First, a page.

Categories

Tag: Dermatology

The P.A. Problem: Who You See and What You Get

Recently, the New York Times published an article on excessive costs incurred by mid-level providers over-treating benign skin lesions. According to the piece, more than 15% of biopsies billed to Medicare in 2015 were done by unsupervised PA’s or Nurse Practitioners. Physicians across the country are becoming concerned mid-levels working independently without proper specialty training. Dr. Coldiron, a dermatologist, was interviewed by the Times and said, “What’s really going on is these practices…hire a bunch of P.A.’s and nurses and stick them out in clinics on their own. And they’re acting like doctors.”

They are working “like” doctors, yet do not have training equivalent to physicians. As a pediatrician, I have written about a missed diagnosis of an infant by an unscrupulous midlevel provider who embellished his pediatric expertise. This past summer, astute physician colleagues came across an independent physician assistant, Christie Kidd, PA-C, boldly referring to herself as a “dermatologist.” Her receptionist answers the phone by saying “Kidd Dermatology.”

The Doctors, a daytime talk show, accurately referred to Ms. Kidd on a May 7, 2015 segment as a “skin care specialist.” However, beauty magazines are not held to the same high standard; the dailymail.com, a publication in the UK, captioned a picture of “Dr. Christie Kidd”, as the “go-to MD practicing in Beverly Hills.”

The article shared how Ms. Kidd treats the Kardashian-Jenner family, “helping them to look luminous in their no-make-up selfies.”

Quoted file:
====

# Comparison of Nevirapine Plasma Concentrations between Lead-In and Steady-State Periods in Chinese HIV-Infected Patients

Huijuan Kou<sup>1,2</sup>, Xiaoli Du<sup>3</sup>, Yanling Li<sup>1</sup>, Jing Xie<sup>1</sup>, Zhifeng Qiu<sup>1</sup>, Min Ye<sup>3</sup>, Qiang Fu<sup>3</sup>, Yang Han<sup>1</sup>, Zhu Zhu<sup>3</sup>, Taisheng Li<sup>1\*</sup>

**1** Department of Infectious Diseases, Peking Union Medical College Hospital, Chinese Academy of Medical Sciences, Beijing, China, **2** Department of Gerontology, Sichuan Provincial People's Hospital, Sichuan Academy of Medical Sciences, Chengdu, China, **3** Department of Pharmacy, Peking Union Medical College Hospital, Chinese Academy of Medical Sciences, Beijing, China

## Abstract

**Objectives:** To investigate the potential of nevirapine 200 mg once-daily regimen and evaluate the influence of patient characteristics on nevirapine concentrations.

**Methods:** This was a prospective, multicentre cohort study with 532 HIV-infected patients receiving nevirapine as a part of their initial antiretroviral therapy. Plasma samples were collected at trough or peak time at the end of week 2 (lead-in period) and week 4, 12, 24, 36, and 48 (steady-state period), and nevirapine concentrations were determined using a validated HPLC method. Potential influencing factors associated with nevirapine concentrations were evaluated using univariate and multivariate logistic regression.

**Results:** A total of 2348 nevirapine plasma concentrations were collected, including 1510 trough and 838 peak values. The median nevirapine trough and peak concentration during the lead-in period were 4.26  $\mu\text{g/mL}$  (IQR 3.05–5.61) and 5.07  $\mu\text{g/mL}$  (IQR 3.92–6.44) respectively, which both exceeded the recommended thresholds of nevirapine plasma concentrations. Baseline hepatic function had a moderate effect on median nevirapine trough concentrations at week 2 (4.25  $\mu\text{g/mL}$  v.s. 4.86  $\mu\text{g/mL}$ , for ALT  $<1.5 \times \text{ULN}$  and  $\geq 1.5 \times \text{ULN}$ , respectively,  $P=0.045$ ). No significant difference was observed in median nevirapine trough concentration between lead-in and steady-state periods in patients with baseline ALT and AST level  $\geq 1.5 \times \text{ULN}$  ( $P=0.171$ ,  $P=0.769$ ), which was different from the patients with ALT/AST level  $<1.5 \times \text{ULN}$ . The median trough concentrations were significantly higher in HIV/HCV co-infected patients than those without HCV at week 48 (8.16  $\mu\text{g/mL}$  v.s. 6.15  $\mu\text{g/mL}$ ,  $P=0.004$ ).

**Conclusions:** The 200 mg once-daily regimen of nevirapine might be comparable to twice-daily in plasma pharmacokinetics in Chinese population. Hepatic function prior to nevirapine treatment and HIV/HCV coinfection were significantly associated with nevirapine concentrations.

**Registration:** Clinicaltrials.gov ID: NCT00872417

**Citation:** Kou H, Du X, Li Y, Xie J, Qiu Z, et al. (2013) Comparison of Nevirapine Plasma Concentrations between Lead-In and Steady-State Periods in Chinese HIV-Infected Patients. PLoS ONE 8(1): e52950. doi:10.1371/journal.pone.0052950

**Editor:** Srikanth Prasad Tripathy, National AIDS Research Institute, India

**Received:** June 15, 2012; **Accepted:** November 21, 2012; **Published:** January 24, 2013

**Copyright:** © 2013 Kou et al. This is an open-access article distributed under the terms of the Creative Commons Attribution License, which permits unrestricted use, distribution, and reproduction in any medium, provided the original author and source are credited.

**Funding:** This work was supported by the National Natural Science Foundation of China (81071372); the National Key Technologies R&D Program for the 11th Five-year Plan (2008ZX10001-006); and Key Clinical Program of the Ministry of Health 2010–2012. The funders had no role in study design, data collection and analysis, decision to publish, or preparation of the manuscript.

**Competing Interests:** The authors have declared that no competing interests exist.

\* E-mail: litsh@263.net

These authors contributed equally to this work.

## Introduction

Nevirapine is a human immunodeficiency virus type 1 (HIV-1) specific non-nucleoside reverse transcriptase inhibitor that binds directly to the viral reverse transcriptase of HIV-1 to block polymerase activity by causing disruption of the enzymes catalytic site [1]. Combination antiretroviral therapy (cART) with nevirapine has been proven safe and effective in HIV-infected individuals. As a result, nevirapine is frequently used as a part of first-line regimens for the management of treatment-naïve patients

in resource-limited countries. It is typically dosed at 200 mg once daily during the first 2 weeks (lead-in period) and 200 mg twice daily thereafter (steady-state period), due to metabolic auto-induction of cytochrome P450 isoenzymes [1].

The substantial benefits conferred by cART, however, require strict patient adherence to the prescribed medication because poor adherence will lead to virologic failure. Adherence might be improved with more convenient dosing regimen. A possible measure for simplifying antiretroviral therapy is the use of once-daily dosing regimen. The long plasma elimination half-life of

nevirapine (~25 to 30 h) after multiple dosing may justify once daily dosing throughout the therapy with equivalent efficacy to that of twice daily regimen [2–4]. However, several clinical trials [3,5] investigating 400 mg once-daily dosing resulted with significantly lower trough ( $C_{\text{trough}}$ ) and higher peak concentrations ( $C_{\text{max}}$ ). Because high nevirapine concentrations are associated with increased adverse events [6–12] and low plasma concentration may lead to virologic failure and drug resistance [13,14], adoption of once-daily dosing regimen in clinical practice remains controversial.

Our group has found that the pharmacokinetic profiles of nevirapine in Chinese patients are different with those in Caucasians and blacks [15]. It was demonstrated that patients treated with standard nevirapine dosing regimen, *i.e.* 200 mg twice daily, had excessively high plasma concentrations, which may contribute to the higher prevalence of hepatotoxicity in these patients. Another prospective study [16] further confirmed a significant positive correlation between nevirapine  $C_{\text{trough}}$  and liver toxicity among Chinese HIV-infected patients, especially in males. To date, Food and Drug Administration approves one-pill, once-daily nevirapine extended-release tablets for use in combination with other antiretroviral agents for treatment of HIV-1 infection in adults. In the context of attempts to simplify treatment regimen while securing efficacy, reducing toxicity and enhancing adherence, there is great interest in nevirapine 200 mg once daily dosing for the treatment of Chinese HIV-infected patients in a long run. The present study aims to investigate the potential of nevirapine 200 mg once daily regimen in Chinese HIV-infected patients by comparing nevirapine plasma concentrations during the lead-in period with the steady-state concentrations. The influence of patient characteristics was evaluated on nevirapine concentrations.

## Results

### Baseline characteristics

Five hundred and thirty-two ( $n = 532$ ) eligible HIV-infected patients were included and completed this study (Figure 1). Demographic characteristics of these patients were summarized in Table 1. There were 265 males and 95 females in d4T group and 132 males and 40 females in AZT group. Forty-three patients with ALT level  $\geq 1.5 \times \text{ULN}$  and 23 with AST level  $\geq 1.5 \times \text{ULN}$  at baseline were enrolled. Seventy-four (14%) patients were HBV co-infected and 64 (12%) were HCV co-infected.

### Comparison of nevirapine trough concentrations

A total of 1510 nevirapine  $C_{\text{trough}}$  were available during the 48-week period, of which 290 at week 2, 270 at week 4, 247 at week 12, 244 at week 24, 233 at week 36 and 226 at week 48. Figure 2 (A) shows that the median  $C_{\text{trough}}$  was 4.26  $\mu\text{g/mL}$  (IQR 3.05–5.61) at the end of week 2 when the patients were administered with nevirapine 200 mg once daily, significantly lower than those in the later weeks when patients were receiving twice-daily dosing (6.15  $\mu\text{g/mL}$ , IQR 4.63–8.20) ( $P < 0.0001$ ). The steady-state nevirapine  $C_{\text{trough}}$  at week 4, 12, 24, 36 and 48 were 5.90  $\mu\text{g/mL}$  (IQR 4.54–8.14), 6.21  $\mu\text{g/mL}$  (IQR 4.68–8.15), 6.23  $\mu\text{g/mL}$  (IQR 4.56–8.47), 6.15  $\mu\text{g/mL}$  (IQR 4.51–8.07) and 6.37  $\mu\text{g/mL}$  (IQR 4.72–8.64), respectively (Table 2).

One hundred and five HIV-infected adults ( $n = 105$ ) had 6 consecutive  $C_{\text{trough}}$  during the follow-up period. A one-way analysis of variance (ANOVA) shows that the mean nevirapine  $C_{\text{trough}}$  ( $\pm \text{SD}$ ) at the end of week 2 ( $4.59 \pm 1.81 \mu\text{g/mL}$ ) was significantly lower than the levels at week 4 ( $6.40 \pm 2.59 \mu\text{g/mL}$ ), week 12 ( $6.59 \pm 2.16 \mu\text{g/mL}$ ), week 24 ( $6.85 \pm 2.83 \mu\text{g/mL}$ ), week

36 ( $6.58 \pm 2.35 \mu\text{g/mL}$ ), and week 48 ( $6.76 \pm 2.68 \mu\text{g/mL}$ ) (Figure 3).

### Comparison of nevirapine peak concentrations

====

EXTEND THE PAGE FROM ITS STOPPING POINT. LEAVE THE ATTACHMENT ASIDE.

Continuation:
Continue reading…

Acne Cured by Self-Experimentation

In November, at Quantified Self Europe, Martha Rotter, who lives in Ireland, gave a talk about how she cured her acne by self-experimentation. She summarizes her talk like this (slides here):

When I moved to Ire­land in 2007, I began to have skin prob­lems. It began gradu­ally and I attrib­uted it to the move, to stress, to late nights drink­ing with developers and cli­ents, to travel, to whatever excuses I could think of. The stress was mul­ti­plied by the anxi­ety of being embar­rassed about how my face looked, but also because my new job in Ire­land involved me being on stage in front of large audi­ences con­stantly, often sev­eral times a week. A year later my skin was per­petu­ally inflamed, red, full of sores and very pain­ful. When one spot would go away, two more would spring up in its place. It was a tough time. I cried a lot.

Frus­trated, I went to see my homet­own der­ma­to­lo­gist while I was home for hol­i­days. He told me that a) this was com­pletely nor­mal and b) there was noth­ing I could do but go on anti­bi­ot­ics for a year (in addi­tion to spend­ing a for­tune on creams and pills). I didn’t believe either of those things.

I was not inter­ested in being on an anti­bi­otic for a year, nor was I inter­ested in Accu­tane (my best friend has had it mul­tiple times and it hasn’t had long term res­ults, plus it can be risky). What I was inter­ested in was fig­ur­ing out why this was hap­pen­ing and chan­ging my life to make it stop. I refused to accept my dermatologist’s insist­ence that what you put in your body has no effect on how you look and feel.

Continue reading…

Registration

Forgotten Password?